The Analytics-Driven Organization: Allocating Effort

Successful project development requires an integration of the IT and quantitative strengths of the organization with domain-specific knowledge.

[Editor’s Note: Thomas A. Rathburn is leading an all-day session, Supporting the Analytics-Driven Organization, at the TDWI World Conference in Boston (October 20-25, 2013). This vendor-neutral course presents analytics topics and their roles in enterprise decision support.]

By Thomas A. Rathburn, Senior Consultant and Training Director, The Modeling Agency

Predictive analytics, and projects in related areas, are predominantly approached from a technology perspective. We focus on obtaining and developing increasingly sophisticated capabilities in the hope of utilizing them effectively. Our techno-centric view of the world has evolved steadily over the past thirty years since the personal computer put its capabilities and potential in the hands of every decision maker.

Every business has a unique set of objectives. Our success is measured on performance metrics that are unique to each organization. Business deals in relationships. There is no inherent underlying order, as we would see in the hard sciences, where the focus is based on physical systems. Quantitative techniques no longer give us a “right” answer they give us a mathematically correct answer. They deliver a potentially beneficial contribution to a decision process that allows us to pursue a continuing evolution of incremental enhancement.

We are not doing engineering. We are doing analysis.

We are in pursuit of achieving a higher level of performance than we are currently capable of. Our efforts are goal directed. Our business objectives sit at the top of the pyramid (see below). Our data is the raw material for the construction of information-based decision processes. Our quantitative techniques are our tools for turning the information content in our data into a useful contribution to our daily operations.

Unfortunately, the hype associated with the potential of advanced technologies has focused on the development of highly sophisticated capabilities. Our math becomes increasingly eccentric. Our techniques become increasingly esoteric. We build dashboards that are nothing more than elegant reports of historical data rather than insightful contributions to enhanced decision making. We transition from a transaction-based data environment to an analytics-based environment. We focus on the exponentially expanding availability of the raw data resources, and we obsess on the technical challenges.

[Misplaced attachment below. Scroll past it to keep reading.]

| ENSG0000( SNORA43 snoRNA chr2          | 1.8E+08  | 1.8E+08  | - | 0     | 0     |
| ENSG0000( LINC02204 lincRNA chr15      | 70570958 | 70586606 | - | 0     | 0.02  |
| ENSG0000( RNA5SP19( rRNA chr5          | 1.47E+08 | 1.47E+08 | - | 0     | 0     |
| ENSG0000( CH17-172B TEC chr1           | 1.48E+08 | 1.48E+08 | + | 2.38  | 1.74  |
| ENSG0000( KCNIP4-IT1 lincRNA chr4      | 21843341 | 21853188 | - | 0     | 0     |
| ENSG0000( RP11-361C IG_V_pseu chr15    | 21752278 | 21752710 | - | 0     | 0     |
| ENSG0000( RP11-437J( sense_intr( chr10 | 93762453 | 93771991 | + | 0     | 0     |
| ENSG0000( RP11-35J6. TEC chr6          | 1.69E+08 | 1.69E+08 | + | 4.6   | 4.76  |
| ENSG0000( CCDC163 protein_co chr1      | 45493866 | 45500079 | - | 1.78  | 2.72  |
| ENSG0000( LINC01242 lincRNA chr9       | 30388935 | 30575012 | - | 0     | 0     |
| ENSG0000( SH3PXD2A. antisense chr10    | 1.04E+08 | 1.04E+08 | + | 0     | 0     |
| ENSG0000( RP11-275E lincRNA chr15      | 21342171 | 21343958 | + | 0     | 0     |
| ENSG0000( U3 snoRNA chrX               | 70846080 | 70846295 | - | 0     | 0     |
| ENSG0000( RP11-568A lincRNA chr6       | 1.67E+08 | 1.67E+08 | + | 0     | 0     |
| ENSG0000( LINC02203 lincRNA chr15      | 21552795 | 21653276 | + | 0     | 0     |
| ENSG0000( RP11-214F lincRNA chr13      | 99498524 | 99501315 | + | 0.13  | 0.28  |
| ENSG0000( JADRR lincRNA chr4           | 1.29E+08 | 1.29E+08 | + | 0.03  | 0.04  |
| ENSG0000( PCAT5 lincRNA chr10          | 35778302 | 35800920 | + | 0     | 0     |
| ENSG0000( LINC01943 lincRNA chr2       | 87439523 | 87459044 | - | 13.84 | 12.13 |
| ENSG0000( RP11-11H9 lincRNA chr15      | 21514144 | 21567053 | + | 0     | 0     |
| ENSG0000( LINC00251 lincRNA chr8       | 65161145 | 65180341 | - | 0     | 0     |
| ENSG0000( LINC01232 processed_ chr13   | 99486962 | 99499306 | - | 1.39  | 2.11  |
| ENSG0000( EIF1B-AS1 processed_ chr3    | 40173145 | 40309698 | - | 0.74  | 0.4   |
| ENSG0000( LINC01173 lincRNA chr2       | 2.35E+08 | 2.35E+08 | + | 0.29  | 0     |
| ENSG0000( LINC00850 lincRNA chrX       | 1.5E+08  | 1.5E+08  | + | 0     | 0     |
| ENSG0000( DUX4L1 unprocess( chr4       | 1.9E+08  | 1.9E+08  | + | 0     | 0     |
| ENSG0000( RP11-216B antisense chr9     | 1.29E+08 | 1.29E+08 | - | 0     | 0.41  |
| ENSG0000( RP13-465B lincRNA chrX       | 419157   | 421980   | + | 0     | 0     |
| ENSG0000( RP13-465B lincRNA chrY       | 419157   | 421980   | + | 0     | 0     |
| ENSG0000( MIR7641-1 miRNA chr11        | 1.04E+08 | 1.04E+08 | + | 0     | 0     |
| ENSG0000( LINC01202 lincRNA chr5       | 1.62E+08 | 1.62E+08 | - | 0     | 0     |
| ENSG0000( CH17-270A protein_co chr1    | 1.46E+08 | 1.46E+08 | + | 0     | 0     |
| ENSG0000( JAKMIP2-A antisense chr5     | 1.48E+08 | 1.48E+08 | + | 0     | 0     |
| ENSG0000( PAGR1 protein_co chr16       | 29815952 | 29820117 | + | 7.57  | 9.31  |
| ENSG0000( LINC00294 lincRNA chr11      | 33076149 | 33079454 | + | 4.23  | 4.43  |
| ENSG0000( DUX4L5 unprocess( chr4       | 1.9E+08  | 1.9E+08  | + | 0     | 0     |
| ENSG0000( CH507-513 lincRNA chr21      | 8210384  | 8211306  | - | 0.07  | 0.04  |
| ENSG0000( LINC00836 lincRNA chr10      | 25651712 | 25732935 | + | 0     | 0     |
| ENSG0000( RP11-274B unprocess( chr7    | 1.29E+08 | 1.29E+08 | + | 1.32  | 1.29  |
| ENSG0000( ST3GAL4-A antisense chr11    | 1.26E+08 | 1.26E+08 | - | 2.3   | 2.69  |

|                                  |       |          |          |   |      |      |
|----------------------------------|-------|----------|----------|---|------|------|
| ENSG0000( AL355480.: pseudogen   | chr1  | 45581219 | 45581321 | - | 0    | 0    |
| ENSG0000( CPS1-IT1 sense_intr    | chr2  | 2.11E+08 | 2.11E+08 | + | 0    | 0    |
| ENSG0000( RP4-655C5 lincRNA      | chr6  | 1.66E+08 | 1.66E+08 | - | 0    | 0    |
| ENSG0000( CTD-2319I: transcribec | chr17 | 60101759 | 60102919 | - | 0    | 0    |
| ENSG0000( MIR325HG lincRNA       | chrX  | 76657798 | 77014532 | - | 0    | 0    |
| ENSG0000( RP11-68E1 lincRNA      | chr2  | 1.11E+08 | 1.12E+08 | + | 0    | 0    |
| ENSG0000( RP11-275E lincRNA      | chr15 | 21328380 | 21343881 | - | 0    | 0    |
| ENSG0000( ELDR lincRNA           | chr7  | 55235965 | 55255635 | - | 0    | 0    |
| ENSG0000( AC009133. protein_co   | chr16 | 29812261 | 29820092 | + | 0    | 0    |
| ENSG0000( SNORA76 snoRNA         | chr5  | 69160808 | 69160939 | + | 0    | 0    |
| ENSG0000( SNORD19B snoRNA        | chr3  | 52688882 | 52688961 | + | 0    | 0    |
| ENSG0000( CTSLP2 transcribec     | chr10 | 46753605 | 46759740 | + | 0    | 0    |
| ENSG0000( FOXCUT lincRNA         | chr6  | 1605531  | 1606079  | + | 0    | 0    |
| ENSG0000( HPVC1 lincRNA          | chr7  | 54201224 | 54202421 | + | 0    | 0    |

The single most effective way to utilize these technologies is to enhance the resource allocation decisions we face when dealing with the wide array of relationships we maintain. We need to spend our time and money on those relationships that benefit us and avoid expending resources on the relationships that hurt us.

Our efforts need to evolve beyond the creation of the unachievable perspectives of what-if analysis. We need more than discovering “new, previously unknown relationships in our data” and pursue a focused effort to do a better job of spending our time and our money by asking “Who’s next?”

We have invested in the development of capabilities of information and data and in quantitative techniques. We must now learn to leverage those capabilities. Organizations that successfully utilize technology to achieve their objectives will always surpass organizations that pursue technology enhancement without a clear understanding of their goals, objectives, and performance metrics.

The Six-Phase Development Methodology

The six-phase development methodology presented here provides a practitioner’s approach to the planning, development, and implementation of business predictive analytics projects. We generally begin with Plan phase. However, project teams can transition from their current methodology at any point in the cycle.

The six phases are implemented in sequence while noting that the process is highly iterative. It is common for project teams to develop insights during a phase that requires a modification to the choices made, and conclusions reached in prior phases.

Plan: In the “plan” phase, we define all of the business aspects of the project design. In this phase, we develop a complete blueprint for everything that is to follow. We identify our business objectives and the performance metrics to evaluate our efforts. We determine our current decision process, and our current level of performance based on our adopted performance metrics. We evaluate available hardware and software to be utilized during the project. We prototype our delivery system, and detail its design requirements. We develop a specification for the experimental design; determine our data sources, and project the data transformation and representation expectations for the project. We determine the project type to be pursued, and the expected analytics techniques to be utilized in developing our models. This phase captures the business requirements for our projects and requires the active participation of the business decision makers.